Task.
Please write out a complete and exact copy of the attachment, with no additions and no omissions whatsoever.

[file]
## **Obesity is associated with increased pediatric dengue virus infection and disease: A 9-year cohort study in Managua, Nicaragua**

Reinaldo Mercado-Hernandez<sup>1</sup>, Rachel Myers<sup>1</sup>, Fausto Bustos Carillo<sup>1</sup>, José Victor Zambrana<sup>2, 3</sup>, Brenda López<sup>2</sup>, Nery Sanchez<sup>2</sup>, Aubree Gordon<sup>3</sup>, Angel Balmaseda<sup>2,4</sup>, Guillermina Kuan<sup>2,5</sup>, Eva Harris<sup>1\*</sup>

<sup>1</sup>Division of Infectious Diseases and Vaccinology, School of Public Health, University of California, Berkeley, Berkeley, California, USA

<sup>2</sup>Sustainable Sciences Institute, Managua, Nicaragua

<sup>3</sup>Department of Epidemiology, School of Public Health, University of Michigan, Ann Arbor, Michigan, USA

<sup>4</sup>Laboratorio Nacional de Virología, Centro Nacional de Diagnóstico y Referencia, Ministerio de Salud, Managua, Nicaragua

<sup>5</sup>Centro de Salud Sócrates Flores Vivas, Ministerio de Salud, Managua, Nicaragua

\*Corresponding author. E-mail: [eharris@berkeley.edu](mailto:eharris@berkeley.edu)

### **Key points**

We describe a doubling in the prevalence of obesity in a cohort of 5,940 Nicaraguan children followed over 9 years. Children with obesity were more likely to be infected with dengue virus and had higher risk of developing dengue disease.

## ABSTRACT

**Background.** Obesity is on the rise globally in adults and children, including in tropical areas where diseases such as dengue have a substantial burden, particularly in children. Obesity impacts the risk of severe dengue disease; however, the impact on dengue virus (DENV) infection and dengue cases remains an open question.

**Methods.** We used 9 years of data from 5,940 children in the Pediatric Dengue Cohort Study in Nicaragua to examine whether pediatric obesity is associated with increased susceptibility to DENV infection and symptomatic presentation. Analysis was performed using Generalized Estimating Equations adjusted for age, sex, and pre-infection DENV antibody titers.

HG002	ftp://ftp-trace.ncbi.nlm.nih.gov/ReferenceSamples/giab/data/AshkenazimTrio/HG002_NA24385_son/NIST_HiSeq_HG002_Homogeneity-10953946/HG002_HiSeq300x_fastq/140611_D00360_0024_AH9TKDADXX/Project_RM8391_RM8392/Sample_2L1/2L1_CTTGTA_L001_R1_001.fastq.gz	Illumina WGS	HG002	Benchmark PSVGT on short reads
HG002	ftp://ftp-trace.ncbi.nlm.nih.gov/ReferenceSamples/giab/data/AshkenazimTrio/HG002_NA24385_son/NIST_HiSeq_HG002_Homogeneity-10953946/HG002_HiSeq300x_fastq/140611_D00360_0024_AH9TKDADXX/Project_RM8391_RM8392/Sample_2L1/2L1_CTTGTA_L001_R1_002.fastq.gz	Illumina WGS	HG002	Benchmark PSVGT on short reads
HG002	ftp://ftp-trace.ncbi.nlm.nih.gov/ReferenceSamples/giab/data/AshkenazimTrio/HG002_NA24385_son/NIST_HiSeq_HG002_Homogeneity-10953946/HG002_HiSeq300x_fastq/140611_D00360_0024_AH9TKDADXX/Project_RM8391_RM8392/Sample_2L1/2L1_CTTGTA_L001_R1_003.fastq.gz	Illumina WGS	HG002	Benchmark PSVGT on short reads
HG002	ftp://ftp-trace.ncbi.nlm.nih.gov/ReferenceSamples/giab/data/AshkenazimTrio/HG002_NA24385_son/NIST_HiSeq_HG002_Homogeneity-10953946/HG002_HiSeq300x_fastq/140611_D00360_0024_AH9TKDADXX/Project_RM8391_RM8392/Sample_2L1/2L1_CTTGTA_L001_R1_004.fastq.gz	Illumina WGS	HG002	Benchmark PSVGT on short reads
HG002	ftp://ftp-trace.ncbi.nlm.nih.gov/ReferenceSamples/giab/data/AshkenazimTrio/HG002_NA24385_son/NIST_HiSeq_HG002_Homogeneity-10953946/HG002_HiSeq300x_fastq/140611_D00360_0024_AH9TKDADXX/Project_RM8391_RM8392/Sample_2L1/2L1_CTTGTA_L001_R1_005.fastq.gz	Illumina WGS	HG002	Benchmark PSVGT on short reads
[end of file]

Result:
## **Obesity is associated with increased pediatric dengue virus infection and disease: A 9-year cohort study in Managua, Nicaragua**

Reinaldo Mercado-Hernandez<sup>1</sup>, Rachel Myers<sup>1</sup>, Fausto Bustos Carillo<sup>1</sup>, José Victor Zambrana<sup>2, 3</sup>, Brenda López<sup>2</sup>, Nery Sanchez<sup>2</sup>, Aubree Gordon<sup>3</sup>, Angel Balmaseda<sup>2,4</sup>, Guillermina Kuan<sup>2,5</sup>, Eva Harris<sup>1\*</sup>

<sup>1</sup>Division of Infectious Diseases and Vaccinology, School of Public Health, University of California, Berkeley, Berkeley, California, USA

<sup>2</sup>Sustainable Sciences Institute, Managua, Nicaragua

<sup>3</sup>Department of Epidemiology, School of Public Health, University of Michigan, Ann Arbor, Michigan, USA

<sup>4</sup>Laboratorio Nacional de Virología, Centro Nacional de Diagnóstico y Referencia, Ministerio de Salud, Managua, Nicaragua

<sup>5</sup>Centro de Salud Sócrates Flores Vivas, Ministerio de Salud, Managua, Nicaragua

\*Corresponding author. E-mail: [eharris@berkeley.edu](mailto:eharris@berkeley.edu)

### **Key points**

We describe a doubling in the prevalence of obesity in a cohort of 5,940 Nicaraguan children followed over 9 years. Children with obesity were more likely to be infected with dengue virus and had higher risk of developing dengue disease.

## ABSTRACT

**Background.** Obesity is on the rise globally in adults and children, including in tropical areas where diseases such as dengue have a substantial burden, particularly in children. Obesity impacts the risk of severe dengue disease; however, the impact on dengue virus (DENV) infection and dengue cases remains an open question.

**Methods.** We used 9 years of data from 5,940 children in the Pediatric Dengue Cohort Study in Nicaragua to examine whether pediatric obesity is associated with increased susceptibility to DENV infection and symptomatic presentation. Analysis was performed using Generalized Estimating Equations adjusted for age, sex, and pre-infection DENV antibody titers.

HG002	ftp://ftp-trace.ncbi.nlm.nih.gov/ReferenceSamples/giab/data/AshkenazimTrio/HG002_NA24385_son/NIST_HiSeq_HG002_Homogeneity-10953946/HG002_HiSeq300x_fastq/140611_D00360_0024_AH9TKDADXX/Project_RM8391_RM8392/Sample_2L1/2L1_CTTGTA_L001_R1_001.fastq.gz	Illumina WGS	HG002	Benchmark PSVGT on short reads
HG002	ftp://ftp-trace.ncbi.nlm.nih.gov/ReferenceSamples/giab/data/AshkenazimTrio/HG002_NA24385_son/NIST_HiSeq_HG002_Homogeneity-10953946/HG002_HiSeq300x_fastq/140611_D00360_0024_AH9TKDADXX/Project_RM8391_RM8392/Sample_2L1/2L1_CTTGTA_L001_R1_002.fastq.gz	Illumina WGS	HG002	Benchmark PSVGT on short reads
HG002	ftp://ftp-trace.ncbi.nlm.nih.gov/ReferenceSamples/giab/data/AshkenazimTrio/HG002_NA24385_son/NIST_HiSeq_HG002_Homogeneity-10953946/HG002_HiSeq300x_fastq/140611_D00360_0024_AH9TKDADXX/Project_RM8391_RM8392/Sample_2L1/2L1_CTTGTA_L001_R1_003.fastq.gz	Illumina WGS	HG002	Benchmark PSVGT on short reads
HG002	ftp://ftp-trace.ncbi.nlm.nih.gov/ReferenceSamples/giab/data/AshkenazimTrio/HG002_NA24385_son/NIST_HiSeq_HG002_Homogeneity-10953946/HG002_HiSeq300x_fastq/140611_D00360_0024_AH9TKDADXX/Project_RM8391_RM8392/Sample_2L1/2L1_CTTGTA_L001_R1_004.fastq.gz	Illumina WGS	HG002	Benchmark PSVGT on short reads
HG002	ftp://ftp-trace.ncbi.nlm.nih.gov/ReferenceSamples/giab/data/AshkenazimTrio/HG002_NA24385_son/NIST_HiSeq_HG002_Homogeneity-10953946/HG002_HiSeq300x_fastq/140611_D00360_0024_AH9TKDADXX/Project_RM8391_RM8392/Sample_2L1/2L1_CTTGTA_L001_R1_005.fastq.gz	Illumina WGS	HG002	Benchmark PSVGT on short reads